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The cost of infraction of law
August, 26th 2006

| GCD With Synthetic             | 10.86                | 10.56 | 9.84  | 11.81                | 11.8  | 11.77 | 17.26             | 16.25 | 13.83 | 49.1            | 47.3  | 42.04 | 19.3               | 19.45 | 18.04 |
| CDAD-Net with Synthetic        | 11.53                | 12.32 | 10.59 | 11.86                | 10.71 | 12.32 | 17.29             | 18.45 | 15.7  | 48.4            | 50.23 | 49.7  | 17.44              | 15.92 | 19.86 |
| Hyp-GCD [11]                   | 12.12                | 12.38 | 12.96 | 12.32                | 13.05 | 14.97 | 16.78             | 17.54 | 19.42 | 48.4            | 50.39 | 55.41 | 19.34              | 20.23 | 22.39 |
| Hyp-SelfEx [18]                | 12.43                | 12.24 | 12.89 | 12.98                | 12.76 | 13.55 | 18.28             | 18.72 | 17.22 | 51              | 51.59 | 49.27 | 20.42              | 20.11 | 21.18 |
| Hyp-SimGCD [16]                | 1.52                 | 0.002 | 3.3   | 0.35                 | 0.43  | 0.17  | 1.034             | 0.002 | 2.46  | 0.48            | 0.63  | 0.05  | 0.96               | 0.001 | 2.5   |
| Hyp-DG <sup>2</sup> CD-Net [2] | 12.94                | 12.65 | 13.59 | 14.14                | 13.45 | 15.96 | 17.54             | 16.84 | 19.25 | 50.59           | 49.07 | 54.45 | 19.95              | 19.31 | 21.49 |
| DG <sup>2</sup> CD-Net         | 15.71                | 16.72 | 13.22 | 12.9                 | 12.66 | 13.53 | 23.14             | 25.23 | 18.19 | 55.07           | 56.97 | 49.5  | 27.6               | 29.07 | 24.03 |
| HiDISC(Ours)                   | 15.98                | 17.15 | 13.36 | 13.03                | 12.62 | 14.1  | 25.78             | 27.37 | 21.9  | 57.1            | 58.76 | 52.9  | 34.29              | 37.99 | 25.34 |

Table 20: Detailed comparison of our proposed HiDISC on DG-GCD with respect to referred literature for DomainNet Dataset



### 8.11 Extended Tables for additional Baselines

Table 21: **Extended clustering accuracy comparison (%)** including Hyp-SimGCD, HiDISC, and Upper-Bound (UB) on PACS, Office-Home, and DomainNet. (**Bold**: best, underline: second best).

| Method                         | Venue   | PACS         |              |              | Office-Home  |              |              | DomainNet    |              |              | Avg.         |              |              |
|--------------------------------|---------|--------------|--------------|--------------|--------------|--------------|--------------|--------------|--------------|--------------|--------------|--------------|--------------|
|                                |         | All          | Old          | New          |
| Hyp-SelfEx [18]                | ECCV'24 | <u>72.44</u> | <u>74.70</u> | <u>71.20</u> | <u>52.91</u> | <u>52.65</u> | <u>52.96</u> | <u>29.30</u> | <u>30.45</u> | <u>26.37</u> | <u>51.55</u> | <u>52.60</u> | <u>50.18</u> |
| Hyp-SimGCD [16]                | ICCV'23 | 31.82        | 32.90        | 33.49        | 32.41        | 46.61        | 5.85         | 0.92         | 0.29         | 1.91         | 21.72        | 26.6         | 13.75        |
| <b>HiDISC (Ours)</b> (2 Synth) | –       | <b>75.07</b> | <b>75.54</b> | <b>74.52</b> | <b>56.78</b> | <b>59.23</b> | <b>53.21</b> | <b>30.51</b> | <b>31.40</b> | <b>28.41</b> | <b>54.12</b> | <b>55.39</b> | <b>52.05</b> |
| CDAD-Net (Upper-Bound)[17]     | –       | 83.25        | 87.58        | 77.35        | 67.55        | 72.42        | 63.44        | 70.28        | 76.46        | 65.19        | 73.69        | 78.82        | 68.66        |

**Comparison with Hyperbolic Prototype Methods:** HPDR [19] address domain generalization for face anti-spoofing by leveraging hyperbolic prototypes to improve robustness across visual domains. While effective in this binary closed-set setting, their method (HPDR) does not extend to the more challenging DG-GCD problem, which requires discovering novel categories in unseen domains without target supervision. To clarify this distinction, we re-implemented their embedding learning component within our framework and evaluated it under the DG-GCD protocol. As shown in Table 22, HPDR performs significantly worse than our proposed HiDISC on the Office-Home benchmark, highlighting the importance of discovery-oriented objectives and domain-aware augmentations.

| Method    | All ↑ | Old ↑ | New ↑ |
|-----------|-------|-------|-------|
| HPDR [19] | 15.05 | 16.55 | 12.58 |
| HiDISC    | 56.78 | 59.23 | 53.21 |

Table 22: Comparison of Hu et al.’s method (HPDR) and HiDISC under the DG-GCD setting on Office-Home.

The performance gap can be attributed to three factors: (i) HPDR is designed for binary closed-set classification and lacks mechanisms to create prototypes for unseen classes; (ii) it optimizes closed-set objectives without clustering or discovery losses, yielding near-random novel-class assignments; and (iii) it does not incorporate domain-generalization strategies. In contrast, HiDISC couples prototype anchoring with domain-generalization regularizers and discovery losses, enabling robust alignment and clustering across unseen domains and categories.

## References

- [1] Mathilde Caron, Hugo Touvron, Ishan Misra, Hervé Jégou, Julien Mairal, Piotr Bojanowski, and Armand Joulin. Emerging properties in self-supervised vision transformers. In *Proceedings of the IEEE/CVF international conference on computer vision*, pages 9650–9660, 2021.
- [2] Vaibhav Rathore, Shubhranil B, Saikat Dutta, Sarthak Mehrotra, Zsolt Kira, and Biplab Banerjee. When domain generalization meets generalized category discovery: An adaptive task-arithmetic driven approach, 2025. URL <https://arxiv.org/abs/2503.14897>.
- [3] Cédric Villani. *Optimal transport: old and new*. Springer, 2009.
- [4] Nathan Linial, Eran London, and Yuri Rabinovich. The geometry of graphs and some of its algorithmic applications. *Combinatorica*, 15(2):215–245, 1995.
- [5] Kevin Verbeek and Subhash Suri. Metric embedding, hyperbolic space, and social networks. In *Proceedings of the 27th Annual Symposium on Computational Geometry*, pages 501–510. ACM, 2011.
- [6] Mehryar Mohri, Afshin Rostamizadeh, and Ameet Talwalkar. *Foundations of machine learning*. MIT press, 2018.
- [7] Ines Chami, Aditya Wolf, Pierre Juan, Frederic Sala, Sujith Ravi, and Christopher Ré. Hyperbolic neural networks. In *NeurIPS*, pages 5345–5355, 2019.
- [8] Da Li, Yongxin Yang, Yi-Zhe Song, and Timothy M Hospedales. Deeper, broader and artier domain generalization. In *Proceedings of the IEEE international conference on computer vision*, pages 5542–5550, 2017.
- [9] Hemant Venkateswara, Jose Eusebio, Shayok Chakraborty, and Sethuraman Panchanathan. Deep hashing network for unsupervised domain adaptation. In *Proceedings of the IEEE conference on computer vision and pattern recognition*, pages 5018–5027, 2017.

A contract stipulating a percentage as fees is not prohibited by law The strict letter of the income-tax law can visit you with hefty compensatory interest and penalty if there is delay in compliance, non-payment of tax or failure to account for the entire income. There are cases where the interest levied has been much more than the tax demand, and there is nothing much that can be done about it. Circulars of the Central Board of Direct Taxes (CBDT) seek to reduce the rigours of the law. Most writ petitions concern interest charges. The penalty for concealment is the entire tax amount. Violation of the law can mean huge costs for a company and prolonged litigation, as happened to the Himachal Pradesh State Forest Corporation. The HP State Forest Corporation is a government company subject to statutory audit. For the assessment year (AY) 1992-93, the company's income was computed in the first instance at Rs 1,30,00,000. It was discovered that there was concealment. The assessable income was Rs 4,88,58,590. The assessment was reopened by the Department and the liability was found to be Rs 12,93,42,479. The Corporation wanted to save penalty for concealment and engaged the services of a leading firm of chartered accountants. Fortunately for the Corporation, the Voluntary Disclosure of Income Scheme (VDIS) was in operation at that time. The chartered accountants advised the company to take advantage of VDIS 1997 and declare the income of Rs 4,88,58,590. After deducting the tax on income admitted in the original return, the tax as per the VDIS 1997 was found to be Rs 1,25,50,510. The accountants wrote to the Corporation that by virtue of the VDIS 1997, the tax liability would come down from Rs 12,93,42,479 to Rs 1,25,50,510. The accountants stipulated professional charges at 1 per cent of the total liability. The Corporation agreed to pay the professional charges and the firm obtained the VDS certificate from the Commissioner of Income-tax (CIT). The Corporation got substantial relief and avoided litigation. The firm, as per the agreement, sent a bill for Rs 12,93,425 towards professional charges. The Corporation, however, paid only Rs 2,00,000 and refused to pay the balance. Strangely, having agreed to pay fees at 1 per cent, the Corporation backtracked, complaining that charging fees on percentage basis was prohibited under the provisions of the Chartered Accountants Act, 1949. The firm of chartered accountants filed a suit for recovery of the balance amount. The matter reached the High Court of Himachal Pradesh (2006 193 Taxation 137 HP). Going back on an agreement The court examined in detail the Chartered Accountants Act. It pointed out that Section 15 of the Act vested the function of supervision with the Council of Chartered Accountants of India. The agreement between the firm of chartered accountants and the Corporation cannot be said to be per se illegal under Section 23 of the Contract Act. The firm stipulated a fee of 1 per cent of the tax saved. The agreement did not say specifically that the fee was contingent upon the firm obtaining the Certificate of the Commissioner of Income-tax. The case was not covered by Clause 10 of the First Schedule. If the Corporation was aggrieved by the contract, it should have taken up the complaint before the Council of the CAs for appropriate proceedings, but it cannot be said that the contract stipulating a percentage as fees is prohibited by law. The Chief Justice observed: "The prohibition for charging fees on percentage basis of profits or contingent upon the result of the case will not render the instant agreement either void or illegal." The Corporation was directed to pay the fees of the CA firm as demanded. T. C. A. Ramanujam (The author is a former Chief Commissioner of Income-Tax.)
 
 
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